Tell it like it is, LaShawnda. 🙂

      April 27, 2017
    • “The fight of his life.” What an apt phrase, LaShawnda, and true on multiple levels. Thanks.

      In reflecting on this experience over the past few days, I regret that I didn’t try to do more. My friend and I prayed for him, certainly, but it didn’t feel like much. Perhaps it was more than we knew. I admired the way the manager tried to do what he could—a hot meal, a cup of coffee, room to try to sober up. But I wonder in hindsight if there were things that others of us could have done so that the end game wasn’t the back of a police car. Maybe there was, maybe there wasn’t. He was in a state that made helping difficult, but perhaps not impossible. I honestly don’t know.

      April 27, 2017
      • LaShawnda Jones #

        Thanks for your response, Ryan. I don’t think we, as Believers, have all the right answers or moves. I do think we, as People, have the capacity to open ourselves to others in need in whatever way we are able to in the moment we’re confronted with the need. Sometimes that openness is action (the manager). Other times it may be a word (prayer). Yet other times it could simply be acknowledgment of the needy person’s presence and struggle, i.e. let them know you see them/they’re not invisible (eye contact, a nod, a smile, etc).

        I live in NYC and I can’t tell you how many people I’ve encountered asking for food or money. Or how many sad/tragic stories I’ve heard about lost limbs, extremities, homes, family members, etc. The world can be a horrible place with horror being all some people see. I know I can’t help everyone. And honestly, I don’t even try to. Some people get a nod. Some get conversation. Some get a “God bless you” as I walk pass. Some get “Sorry, I have nothing to give.” Others have gotten my last dollar or a pocket full of change. Some have gotten meals for themselves, their families and even food out of my own grocery bag. I don’t remember all the people I’ve acknowledged or failed to acknowledge. But by and large, when I’ve had nothing to give (money or food), nearly everyone has thanked me for saying even that.

        All this to say, we can only do what we can do in the moment we’re in. However, if we are open to doing more, the Spirit (or Universe) will certainly guide us in being a blessing for those around us.

        Who knows, perhaps your prayer caused the police to pull him off the street for the night. 😉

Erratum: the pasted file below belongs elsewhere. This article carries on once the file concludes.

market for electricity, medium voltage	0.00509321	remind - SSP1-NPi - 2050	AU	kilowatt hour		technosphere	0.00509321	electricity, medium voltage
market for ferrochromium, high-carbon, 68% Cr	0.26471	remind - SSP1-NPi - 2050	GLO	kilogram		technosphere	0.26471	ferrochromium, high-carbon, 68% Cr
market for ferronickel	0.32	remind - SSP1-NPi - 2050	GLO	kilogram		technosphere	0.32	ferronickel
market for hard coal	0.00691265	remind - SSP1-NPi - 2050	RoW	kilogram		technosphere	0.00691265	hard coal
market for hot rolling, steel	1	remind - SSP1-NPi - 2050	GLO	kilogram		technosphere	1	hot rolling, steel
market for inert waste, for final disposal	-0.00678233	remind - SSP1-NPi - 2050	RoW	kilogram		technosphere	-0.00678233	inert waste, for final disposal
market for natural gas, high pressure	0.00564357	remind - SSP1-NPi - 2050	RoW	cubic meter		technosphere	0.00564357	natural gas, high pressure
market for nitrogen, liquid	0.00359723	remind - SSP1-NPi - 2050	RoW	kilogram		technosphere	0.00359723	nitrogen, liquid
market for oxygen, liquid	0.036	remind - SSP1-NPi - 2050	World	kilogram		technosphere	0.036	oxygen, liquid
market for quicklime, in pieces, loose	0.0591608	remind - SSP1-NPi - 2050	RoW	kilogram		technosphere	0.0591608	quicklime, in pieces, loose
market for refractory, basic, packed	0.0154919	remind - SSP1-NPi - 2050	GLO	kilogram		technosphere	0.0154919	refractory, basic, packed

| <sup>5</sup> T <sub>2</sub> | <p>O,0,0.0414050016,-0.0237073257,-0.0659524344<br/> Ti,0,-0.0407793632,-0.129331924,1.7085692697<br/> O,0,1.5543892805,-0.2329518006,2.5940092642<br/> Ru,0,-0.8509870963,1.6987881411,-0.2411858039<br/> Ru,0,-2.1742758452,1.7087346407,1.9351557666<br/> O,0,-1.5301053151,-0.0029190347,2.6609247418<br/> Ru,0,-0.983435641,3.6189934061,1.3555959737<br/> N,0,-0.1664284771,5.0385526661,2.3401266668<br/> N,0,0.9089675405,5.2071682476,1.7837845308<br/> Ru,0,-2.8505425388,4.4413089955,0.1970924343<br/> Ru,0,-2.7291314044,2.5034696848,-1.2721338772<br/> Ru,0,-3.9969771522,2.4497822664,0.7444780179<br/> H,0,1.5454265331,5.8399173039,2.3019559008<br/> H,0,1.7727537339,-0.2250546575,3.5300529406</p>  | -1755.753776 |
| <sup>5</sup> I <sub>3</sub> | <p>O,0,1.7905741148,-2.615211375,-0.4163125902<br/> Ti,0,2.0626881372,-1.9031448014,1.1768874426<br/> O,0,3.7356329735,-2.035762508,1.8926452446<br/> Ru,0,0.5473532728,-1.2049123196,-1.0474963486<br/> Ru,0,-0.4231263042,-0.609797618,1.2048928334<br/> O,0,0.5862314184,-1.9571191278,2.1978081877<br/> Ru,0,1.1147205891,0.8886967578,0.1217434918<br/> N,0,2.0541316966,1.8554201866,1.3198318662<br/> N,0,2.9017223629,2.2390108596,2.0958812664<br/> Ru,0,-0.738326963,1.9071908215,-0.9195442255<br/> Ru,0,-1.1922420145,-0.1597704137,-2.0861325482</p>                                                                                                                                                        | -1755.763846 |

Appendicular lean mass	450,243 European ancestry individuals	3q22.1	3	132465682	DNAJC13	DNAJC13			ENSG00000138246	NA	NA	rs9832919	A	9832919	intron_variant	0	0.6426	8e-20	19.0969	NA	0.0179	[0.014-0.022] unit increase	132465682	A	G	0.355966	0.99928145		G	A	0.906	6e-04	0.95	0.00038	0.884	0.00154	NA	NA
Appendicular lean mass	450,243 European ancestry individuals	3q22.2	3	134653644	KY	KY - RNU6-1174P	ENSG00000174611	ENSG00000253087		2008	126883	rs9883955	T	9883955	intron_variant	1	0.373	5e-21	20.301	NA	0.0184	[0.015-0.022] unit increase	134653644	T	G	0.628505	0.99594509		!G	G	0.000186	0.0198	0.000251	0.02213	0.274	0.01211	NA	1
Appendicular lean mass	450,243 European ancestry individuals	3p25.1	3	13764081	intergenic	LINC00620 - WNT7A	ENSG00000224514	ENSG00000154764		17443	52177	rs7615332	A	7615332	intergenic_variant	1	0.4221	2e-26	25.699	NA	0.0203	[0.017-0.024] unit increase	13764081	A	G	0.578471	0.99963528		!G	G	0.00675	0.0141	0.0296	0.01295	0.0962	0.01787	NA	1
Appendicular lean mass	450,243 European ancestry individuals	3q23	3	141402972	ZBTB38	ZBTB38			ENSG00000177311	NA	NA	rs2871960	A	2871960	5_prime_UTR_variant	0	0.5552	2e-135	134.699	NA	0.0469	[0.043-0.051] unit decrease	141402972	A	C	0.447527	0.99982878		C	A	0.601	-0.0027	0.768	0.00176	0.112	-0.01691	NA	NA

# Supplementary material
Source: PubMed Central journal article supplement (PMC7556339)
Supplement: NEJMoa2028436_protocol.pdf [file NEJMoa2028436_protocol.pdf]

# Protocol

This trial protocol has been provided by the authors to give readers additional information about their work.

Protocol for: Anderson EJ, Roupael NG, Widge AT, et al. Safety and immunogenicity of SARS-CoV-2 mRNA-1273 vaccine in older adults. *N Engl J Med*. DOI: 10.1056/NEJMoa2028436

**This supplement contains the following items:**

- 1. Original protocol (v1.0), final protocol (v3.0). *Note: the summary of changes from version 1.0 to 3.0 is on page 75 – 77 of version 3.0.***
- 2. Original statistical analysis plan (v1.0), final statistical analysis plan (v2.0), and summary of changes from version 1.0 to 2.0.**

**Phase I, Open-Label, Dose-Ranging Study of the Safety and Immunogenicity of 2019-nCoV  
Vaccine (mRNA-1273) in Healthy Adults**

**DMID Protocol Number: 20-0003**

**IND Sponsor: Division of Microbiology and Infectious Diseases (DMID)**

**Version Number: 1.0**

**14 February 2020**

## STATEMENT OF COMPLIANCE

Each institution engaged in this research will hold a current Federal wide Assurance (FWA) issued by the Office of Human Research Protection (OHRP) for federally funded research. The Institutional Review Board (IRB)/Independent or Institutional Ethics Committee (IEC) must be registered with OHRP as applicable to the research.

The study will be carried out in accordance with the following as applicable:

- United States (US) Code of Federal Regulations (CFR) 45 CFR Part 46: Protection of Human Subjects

May God continue to bless you, Ryan. Thank you for sharing.

        April 27, 2017
      • Thanks for this, LaShawnda. I appreciate the wisdom of your words and your kind encouragement.

        April 28, 2017
  3. Tanya #

    “I wonder exactly whose sins are being borne away in the back of that cruiser.”
    That line hit me like a tonne of bricks. Thank you Ryan for this post.

    April 27, 2017
  4. micki #

    i understand him better than i want to…

    April 28, 2017
    • I’m very sorry to hear this, micki. Perhaps it sounds hollow—just words drifting through the ether—but I pray that the peace of Christ would protect and preserve you, surround and sustain you always.

      April 28, 2017
    • Paul Johnston #

      Hi, Micki. I’ve struggled most of my adult life with drug and alcohol addictions. The only way I’ve been able to succeed against them is by taking personal responsibility for my situations and depending on God. Through the faith He provides me and the people He sends me.

      The action that is most successful for me, is fasting. I fast from substances, Monday through Thursday (4 day fast). I have a single day of fast, Friday and another single day of fast, Saturday. As is Catholic custom, Sunday is a day of celebration, free from fast, and I am free to decide.

      For whatever reasons,….I’m pretty sure I know most of them but to dwell on them always invites negative spirits… fasting for God is more motivating to me, then protecting myself from self harm.

      Forgiveness is the key…”Forgive us our trespasses as we forgive others who trespass against us”

      I could say more about a specific prayer regimen that I believe would be of great comfort to you but it would require your assent and the first names only, of 5 people (more if you think it so) who you believe, you need to forgive more fully. 🙂

      One last thing about faith. It is God’s gift to you. When you find it insufficient it is good to call on God for more. We need never depend on ourselves for faith, that is the trick of the deceiver, to make us think so.

      Ask for, demand when necessary, and God will never disappoint you.

      May 1, 2017

Leave a Reply

Fill in your details below or click an icon to log in: Logo

You are commenting using your account. Log Out /  Change )

Twitter picture

You are commenting using your Twitter account. Log Out /  Change )

Facebook photo

You are commenting using your Facebook account. Log Out /  Change )

Connecting to %s

%d bloggers like this: